How to get a Finnish IP address
The easiest way to improve your digital privacy is to switch your IP address using a VPN. We’ll …
Welcome to Hotspot Shield’s “Security Tip of the Week”, where we offer helpful suggestions to protect you and your family online. This week: Is incognito mode really private?
You may think that by opening up a private, incognito browser, you’re protecting your privacy and browsing the web anonymously. This is a big misconception.
When you use, say, Chrome’s “incognito mode,” all you’re actually doing is preventing Google from saving your browsing history, cookies, and site data. That info, however, could still be seen by your school, employer, or Internet Service Provider (ISP). And there were recent reports that Google was, actually, still tracking your data — even in incognito mode.
Basically, while incognito mode won’t record your browsing history, it does little else to protect your privacy.
Here are some of the most common misconceptions about private browsing modes, according to a study by University of Chicago and the Leibniz University of Hanover:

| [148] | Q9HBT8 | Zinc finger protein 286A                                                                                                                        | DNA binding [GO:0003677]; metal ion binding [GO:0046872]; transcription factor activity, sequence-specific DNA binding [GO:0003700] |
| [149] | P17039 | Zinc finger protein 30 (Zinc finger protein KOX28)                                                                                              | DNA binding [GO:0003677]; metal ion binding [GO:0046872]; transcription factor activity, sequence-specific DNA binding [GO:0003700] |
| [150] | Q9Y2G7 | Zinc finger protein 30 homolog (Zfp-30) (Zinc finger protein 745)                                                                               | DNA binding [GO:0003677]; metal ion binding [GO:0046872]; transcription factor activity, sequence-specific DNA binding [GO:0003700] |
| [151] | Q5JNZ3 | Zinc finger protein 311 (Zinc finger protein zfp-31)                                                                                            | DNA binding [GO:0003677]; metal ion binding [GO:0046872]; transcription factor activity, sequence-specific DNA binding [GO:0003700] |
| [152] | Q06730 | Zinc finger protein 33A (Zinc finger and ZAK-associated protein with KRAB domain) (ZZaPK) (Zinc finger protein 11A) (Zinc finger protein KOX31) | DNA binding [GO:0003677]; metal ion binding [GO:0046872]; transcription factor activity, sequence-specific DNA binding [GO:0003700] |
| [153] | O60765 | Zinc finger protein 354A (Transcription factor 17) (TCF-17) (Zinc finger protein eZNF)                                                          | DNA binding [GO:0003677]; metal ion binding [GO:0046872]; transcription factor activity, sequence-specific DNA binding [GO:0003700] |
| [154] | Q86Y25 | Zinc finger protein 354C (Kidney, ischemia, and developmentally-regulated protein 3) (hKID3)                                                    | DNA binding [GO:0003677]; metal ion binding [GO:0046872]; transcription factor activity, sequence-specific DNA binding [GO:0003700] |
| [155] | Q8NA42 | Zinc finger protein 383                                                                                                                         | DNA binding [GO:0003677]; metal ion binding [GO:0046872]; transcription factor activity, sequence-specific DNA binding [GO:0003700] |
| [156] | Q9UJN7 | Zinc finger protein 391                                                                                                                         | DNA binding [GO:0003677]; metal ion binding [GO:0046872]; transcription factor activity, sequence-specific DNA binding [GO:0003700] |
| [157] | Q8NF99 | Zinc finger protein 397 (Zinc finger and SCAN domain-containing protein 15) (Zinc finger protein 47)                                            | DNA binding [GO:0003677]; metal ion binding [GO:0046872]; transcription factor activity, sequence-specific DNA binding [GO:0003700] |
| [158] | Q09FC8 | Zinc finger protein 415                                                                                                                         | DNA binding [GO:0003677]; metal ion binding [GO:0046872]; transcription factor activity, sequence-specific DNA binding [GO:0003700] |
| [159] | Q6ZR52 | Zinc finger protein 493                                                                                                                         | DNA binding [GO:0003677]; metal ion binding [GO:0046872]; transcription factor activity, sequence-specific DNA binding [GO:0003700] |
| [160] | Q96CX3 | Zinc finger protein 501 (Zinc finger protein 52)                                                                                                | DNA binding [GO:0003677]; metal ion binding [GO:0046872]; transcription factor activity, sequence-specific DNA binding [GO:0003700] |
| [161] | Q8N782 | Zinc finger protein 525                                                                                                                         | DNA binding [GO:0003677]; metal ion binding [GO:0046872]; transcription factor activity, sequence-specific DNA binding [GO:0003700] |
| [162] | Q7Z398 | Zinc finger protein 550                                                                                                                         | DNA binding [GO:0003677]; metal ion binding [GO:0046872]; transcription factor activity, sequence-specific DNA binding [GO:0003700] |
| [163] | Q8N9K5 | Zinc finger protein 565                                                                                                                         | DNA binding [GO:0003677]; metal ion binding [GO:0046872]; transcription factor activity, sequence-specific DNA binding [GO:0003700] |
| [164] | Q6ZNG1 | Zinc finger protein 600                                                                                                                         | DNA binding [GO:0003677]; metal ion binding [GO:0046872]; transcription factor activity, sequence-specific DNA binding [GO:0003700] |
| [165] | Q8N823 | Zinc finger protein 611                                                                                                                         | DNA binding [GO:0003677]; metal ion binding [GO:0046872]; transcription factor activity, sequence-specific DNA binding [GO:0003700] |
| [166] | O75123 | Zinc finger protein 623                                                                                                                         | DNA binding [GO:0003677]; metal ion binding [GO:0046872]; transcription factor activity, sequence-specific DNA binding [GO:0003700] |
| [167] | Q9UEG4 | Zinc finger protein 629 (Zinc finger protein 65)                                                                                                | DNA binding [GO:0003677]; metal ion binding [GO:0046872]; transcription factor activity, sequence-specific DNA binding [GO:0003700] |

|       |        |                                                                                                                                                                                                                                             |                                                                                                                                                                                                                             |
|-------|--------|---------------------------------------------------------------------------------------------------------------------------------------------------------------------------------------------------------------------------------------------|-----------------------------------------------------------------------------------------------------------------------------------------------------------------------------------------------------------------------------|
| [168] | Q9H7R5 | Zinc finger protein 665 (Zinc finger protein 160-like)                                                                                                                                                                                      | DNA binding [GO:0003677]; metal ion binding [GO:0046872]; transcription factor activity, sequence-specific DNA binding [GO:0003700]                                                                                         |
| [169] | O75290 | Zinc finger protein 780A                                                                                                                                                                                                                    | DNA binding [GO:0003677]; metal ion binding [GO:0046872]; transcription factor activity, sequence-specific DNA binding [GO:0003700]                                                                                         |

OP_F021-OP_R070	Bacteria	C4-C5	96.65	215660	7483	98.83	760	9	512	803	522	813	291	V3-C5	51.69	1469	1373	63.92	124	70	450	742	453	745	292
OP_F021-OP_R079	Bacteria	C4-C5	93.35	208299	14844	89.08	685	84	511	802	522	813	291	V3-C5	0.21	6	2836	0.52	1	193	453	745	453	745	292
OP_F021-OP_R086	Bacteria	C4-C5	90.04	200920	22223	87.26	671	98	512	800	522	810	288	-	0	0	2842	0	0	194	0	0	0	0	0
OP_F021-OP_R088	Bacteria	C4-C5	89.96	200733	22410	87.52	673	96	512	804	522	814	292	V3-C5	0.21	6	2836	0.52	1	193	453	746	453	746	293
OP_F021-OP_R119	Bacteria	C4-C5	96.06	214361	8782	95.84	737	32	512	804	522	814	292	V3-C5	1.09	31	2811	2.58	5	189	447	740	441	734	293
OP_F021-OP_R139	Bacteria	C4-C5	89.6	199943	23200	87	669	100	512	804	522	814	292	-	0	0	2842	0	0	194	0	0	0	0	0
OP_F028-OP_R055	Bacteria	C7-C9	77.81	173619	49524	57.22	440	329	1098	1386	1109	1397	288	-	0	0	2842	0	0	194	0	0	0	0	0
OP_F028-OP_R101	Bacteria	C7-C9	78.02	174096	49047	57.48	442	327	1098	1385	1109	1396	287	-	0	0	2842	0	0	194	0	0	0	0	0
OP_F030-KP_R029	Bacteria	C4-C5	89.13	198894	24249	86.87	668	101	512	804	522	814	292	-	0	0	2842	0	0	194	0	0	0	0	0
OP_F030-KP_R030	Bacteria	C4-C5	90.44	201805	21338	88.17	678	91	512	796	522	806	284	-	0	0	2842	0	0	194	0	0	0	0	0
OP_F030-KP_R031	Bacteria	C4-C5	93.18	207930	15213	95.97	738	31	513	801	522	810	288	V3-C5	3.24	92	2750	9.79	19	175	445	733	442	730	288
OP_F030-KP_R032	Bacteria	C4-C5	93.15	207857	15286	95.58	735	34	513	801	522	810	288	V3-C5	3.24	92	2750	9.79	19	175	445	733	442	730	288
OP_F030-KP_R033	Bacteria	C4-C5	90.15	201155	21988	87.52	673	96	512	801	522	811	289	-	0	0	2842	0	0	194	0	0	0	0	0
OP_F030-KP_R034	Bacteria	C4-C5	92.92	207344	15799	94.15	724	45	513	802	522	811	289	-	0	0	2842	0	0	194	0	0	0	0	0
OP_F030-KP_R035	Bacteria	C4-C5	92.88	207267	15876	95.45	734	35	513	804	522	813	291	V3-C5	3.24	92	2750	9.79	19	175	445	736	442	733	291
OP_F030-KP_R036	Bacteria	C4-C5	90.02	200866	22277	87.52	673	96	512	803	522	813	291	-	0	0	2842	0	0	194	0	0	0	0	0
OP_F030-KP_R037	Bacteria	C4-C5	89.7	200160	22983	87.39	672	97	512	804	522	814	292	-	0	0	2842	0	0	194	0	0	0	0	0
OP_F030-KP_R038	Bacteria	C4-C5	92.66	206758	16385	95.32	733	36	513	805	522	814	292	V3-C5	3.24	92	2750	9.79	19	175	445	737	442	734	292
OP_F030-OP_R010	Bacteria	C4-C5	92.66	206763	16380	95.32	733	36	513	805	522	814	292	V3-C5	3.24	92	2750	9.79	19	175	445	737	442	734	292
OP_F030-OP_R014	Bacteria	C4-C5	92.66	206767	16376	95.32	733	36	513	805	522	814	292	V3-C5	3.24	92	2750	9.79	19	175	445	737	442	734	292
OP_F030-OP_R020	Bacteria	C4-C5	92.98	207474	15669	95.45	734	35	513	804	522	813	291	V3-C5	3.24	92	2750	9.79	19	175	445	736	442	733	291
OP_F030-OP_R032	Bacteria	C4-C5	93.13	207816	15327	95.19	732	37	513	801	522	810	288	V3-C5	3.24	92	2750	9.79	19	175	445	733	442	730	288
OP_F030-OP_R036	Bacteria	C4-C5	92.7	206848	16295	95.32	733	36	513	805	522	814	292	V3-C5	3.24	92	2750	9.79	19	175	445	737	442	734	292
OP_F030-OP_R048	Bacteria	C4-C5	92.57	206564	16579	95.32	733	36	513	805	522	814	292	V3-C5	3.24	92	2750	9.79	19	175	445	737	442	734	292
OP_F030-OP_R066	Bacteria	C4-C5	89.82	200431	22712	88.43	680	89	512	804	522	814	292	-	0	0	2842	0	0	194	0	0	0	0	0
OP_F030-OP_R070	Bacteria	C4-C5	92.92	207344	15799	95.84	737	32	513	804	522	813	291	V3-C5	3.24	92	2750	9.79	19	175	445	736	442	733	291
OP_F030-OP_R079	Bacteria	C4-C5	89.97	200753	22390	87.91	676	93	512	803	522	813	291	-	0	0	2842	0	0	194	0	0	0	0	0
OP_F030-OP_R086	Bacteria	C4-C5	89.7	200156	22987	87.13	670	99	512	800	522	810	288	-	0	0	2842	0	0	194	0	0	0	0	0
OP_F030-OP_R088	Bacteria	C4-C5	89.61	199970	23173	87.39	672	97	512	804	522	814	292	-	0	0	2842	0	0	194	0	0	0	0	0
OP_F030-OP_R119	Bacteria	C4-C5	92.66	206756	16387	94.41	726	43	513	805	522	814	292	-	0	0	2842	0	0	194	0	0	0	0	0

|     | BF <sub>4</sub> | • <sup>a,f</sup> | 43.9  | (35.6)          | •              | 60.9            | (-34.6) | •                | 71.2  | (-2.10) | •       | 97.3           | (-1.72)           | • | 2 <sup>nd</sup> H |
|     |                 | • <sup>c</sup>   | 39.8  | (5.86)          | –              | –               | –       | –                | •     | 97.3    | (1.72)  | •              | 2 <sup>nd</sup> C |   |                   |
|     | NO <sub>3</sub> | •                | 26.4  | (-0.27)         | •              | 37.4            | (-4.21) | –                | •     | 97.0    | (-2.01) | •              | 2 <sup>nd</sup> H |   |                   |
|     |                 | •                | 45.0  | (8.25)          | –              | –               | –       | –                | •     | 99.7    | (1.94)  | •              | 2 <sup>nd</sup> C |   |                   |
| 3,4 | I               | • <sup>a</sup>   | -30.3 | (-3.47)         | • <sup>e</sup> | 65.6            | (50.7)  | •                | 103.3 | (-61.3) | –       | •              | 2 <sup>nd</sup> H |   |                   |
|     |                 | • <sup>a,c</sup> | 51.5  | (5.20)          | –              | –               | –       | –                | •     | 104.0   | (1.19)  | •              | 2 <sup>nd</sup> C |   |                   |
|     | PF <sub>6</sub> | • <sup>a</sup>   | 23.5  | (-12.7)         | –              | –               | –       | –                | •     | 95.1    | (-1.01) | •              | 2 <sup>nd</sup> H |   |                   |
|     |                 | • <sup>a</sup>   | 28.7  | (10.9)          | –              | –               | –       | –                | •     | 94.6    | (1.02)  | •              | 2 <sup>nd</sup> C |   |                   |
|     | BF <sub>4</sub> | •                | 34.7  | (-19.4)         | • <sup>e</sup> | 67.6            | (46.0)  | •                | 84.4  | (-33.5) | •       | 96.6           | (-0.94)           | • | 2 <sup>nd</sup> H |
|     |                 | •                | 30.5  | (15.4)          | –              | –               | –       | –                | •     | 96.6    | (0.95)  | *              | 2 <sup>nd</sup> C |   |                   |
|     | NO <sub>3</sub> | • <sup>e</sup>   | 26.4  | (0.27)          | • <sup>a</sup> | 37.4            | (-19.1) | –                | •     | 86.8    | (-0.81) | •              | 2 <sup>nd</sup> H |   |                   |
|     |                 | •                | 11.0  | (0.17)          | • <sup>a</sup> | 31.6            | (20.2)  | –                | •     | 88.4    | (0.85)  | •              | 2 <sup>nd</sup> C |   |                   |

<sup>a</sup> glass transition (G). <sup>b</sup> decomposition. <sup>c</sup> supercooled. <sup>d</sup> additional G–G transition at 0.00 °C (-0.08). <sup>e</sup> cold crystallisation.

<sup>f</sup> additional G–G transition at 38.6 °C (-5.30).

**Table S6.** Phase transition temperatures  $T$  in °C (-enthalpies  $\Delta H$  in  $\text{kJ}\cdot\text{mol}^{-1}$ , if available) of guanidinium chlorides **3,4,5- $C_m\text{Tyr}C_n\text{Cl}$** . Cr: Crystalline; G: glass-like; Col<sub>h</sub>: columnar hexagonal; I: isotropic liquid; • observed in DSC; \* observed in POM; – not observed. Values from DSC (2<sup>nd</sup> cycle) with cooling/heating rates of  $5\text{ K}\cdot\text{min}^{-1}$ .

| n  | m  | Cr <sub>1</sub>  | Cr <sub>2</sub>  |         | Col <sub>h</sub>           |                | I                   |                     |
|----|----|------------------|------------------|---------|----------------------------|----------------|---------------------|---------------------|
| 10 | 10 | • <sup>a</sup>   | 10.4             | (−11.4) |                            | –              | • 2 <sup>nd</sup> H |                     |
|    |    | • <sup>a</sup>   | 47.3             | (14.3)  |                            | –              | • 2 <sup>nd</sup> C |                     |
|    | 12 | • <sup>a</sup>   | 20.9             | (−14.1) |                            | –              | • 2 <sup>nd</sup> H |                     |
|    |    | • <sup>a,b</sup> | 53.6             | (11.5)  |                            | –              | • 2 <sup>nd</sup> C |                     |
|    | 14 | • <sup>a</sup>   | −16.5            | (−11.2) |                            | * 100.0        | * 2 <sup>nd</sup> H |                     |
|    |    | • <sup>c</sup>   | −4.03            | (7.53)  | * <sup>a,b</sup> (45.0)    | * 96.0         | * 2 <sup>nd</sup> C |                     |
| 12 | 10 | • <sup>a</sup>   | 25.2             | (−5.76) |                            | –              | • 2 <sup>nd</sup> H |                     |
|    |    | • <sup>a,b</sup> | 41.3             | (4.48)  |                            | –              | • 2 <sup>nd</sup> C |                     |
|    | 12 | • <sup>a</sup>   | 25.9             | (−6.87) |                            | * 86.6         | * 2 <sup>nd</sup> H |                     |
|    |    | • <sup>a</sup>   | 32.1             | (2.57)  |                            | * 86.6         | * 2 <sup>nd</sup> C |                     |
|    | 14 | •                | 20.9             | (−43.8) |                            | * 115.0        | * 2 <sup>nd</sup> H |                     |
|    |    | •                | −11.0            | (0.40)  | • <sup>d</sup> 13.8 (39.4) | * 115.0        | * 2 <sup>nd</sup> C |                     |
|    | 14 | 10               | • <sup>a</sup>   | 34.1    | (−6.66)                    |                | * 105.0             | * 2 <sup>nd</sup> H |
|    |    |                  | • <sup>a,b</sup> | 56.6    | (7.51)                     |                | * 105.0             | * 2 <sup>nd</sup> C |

If you really want to remain private and secure online, you should use your private, incognito browser in conjunction with our Hotspot Shield app.
By connecting via Hotspot Shield’s secure servers, your data will be scrambled and incomprehensible. While this protects you from hackers and keeps your data secure, it also makes you ‘invisible’ online. With Hotspot Shield connected, ISPs, corporations, and others won’t be able to track what you’re doing — or use your computer’s IP address to record your location (Hotspot Shield hides your real IP address and replaces it with a random IP).
So don’t be like many and expect your ‘private’ incognito browser to actually keep you private. To truly protect yourself, you can download Hotspot Shield here for free. As an added bonus, Hotspot Shield also features advanced malware protection to keep your devices safe from viruses.